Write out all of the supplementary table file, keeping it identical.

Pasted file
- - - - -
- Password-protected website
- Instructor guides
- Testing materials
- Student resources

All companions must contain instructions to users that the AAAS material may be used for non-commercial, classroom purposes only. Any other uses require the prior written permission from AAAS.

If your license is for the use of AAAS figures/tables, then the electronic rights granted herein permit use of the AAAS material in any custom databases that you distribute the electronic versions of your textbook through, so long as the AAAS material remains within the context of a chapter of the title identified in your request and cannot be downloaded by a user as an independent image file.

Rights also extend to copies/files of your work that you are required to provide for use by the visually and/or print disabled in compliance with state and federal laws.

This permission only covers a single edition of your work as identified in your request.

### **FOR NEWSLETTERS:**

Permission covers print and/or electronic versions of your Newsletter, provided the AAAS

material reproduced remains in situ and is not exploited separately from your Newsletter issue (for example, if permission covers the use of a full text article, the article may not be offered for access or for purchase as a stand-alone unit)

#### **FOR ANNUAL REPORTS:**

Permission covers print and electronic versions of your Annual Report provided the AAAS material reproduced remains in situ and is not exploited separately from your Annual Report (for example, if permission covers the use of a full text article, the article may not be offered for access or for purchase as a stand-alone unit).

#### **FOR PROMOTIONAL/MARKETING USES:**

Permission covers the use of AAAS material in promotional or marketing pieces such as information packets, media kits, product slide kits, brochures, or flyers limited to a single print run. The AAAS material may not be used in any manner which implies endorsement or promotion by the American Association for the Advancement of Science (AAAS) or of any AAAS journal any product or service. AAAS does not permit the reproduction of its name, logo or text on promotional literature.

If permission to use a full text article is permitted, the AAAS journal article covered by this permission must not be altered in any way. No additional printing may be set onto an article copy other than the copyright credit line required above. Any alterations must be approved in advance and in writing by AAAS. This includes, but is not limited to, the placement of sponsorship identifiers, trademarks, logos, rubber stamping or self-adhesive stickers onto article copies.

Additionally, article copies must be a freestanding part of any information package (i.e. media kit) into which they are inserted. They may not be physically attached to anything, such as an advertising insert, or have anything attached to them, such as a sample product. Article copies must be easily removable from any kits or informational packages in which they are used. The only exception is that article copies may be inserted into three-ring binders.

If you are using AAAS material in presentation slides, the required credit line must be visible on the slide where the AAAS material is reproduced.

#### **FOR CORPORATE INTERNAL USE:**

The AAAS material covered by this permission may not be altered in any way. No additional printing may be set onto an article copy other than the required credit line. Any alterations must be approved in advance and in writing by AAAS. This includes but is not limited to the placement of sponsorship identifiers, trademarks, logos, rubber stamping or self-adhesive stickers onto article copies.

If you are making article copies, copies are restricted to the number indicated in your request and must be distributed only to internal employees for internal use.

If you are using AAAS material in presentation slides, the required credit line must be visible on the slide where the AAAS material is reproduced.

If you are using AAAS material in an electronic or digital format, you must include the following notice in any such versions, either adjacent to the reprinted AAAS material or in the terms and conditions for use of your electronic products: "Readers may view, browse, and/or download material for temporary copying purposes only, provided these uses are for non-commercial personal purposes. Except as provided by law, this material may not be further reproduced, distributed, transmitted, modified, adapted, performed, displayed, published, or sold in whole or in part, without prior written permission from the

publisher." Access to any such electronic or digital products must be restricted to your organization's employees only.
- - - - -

- Password-protected website
- Instructor guides
- Testing materials
- Student resources

All companions must contain instructions to users that the AAAS material may be used for non-commercial, classroom purposes only. Any other uses require the prior written permission from AAAS.

If your license is for the use of AAAS figures/tables, then the electronic rights granted herein permit use of the AAAS material in any custom databases that you distribute the electronic versions of your textbook through, so long as the AAAS material remains within the context of a chapter of the title identified in your request and cannot be downloaded by a user as an independent image file.

Rights also extend to copies/files of your work that you are required to provide for use by the visually and/or print disabled in compliance with state and federal laws.

This permission only covers a single edition of your work as identified in your request.

### **FOR NEWSLETTERS:**

Permission covers print and/or electronic versions of your Newsletter, provided the AAAS

material reproduced remains in situ and is not exploited separately from your Newsletter issue (for example, if permission covers the use of a full text article, the article may not be offered for access or for purchase as a stand-alone unit)

#### **FOR ANNUAL REPORTS:**

Permission covers print and electronic versions of your Annual Report provided the AAAS material reproduced remains in situ and is not exploited separately from your Annual Report (for example, if permission covers the use of a full text article, the article may not be offered for access or for purchase as a stand-alone unit).

#### **FOR PROMOTIONAL/MARKETING USES:**

Permission covers the use of AAAS material in promotional or marketing pieces such as information packets, media kits, product slide kits, brochures, or flyers limited to a single print run. The AAAS material may not be used in any manner which implies endorsement or promotion by the American Association for the Advancement of Science (AAAS) or of any AAAS journal any product or service. AAAS does not permit the reproduction of its name, logo or text on promotional literature.

If permission to use a full text article is permitted, the AAAS journal article covered by this permission must not be altered in any way. No additional printing may be set onto an article copy other than the copyright credit line required above. Any alterations must be approved in advance and in writing by AAAS. This includes, but is not limited to, the placement of sponsorship identifiers, trademarks, logos, rubber stamping or self-adhesive stickers onto article copies.

Additionally, article copies must be a freestanding part of any information package (i.e. media kit) into which they are inserted. They may not be physically attached to anything, such as an advertising insert, or have anything attached to them, such as a sample product. Article copies must be easily removable from any kits or informational packages in which they are used. The only exception is that article copies may be inserted into three-ring binders.

If you are using AAAS material in presentation slides, the required credit line must be visible on the slide where the AAAS material is reproduced.

#### **FOR CORPORATE INTERNAL USE:**

The AAAS material covered by this permission may not be altered in any way. No additional printing may be set onto an article copy other than the required credit line. Any alterations must be approved in advance and in writing by AAAS. This includes but is not limited to the placement of sponsorship identifiers, trademarks, logos, rubber stamping or self-adhesive stickers onto article copies.

If you are making article copies, copies are restricted to the number indicated in your request and must be distributed only to internal employees for internal use.

If you are using AAAS material in presentation slides, the required credit line must be visible on the slide where the AAAS material is reproduced.

If you are using AAAS material in an electronic or digital format, you must include the following notice in any such versions, either adjacent to the reprinted AAAS material or in the terms and conditions for use of your electronic products: "Readers may view, browse, and/or download material for temporary copying purposes only, provided these uses are for non-commercial personal purposes. Except as provided by law, this material may not be further reproduced, distributed, transmitted, modified, adapted, performed, displayed, published, or sold in whole or in part, without prior written permission from the

publisher." Access to any such electronic or digital products must be restricted to your organization's employees only.